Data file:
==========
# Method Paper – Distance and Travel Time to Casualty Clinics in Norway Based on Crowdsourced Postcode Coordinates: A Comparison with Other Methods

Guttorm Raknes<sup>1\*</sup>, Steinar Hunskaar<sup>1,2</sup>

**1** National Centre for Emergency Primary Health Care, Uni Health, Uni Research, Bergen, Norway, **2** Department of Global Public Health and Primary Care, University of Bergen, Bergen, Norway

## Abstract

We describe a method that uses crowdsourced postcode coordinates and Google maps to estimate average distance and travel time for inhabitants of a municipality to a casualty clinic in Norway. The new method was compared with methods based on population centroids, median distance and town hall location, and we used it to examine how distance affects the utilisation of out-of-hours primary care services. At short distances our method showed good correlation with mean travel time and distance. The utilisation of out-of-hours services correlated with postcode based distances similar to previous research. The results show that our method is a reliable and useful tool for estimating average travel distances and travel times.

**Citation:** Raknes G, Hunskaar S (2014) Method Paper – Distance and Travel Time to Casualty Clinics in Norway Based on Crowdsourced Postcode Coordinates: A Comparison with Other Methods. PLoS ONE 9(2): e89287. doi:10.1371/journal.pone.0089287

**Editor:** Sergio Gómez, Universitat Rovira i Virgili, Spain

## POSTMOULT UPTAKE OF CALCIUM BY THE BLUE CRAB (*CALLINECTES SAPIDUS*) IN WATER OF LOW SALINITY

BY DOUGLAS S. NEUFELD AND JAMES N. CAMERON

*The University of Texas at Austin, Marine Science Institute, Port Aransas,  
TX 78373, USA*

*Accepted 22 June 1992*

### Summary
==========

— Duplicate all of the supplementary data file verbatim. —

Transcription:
# Method Paper – Distance and Travel Time to Casualty Clinics in Norway Based on Crowdsourced Postcode Coordinates: A Comparison with Other Methods

Guttorm Raknes<sup>1\*</sup>, Steinar Hunskaar<sup>1,2</sup>

**1** National Centre for Emergency Primary Health Care, Uni Health, Uni Research, Bergen, Norway, **2** Department of Global Public Health and Primary Care, University of Bergen, Bergen, Norway

## Abstract

We describe a method that uses crowdsourced postcode coordinates and Google maps to estimate average distance and travel time for inhabitants of a municipality to a casualty clinic in Norway. The new method was compared with methods based on population centroids, median distance and town hall location, and we used it to examine how distance affects the utilisation of out-of-hours primary care services. At short distances our method showed good correlation with mean travel time and distance. The utilisation of out-of-hours services correlated with postcode based distances similar to previous research. The results show that our method is a reliable and useful tool for estimating average travel distances and travel times.

**Citation:** Raknes G, Hunskaar S (2014) Method Paper – Distance and Travel Time to Casualty Clinics in Norway Based on Crowdsourced Postcode Coordinates: A Comparison with Other Methods. PLoS ONE 9(2): e89287. doi:10.1371/journal.pone.0089287

**Editor:** Sergio Gómez, Universitat Rovira i Virgili, Spain

## POSTMOULT UPTAKE OF CALCIUM BY THE BLUE CRAB (*CALLINECTES SAPIDUS*) IN WATER OF LOW SALINITY

BY DOUGLAS S. NEUFELD AND JAMES N. CAMERON

*The University of Texas at Austin, Marine Science Institute, Port Aransas,  
TX 78373, USA*

*Accepted 22 June 1992*

### Summary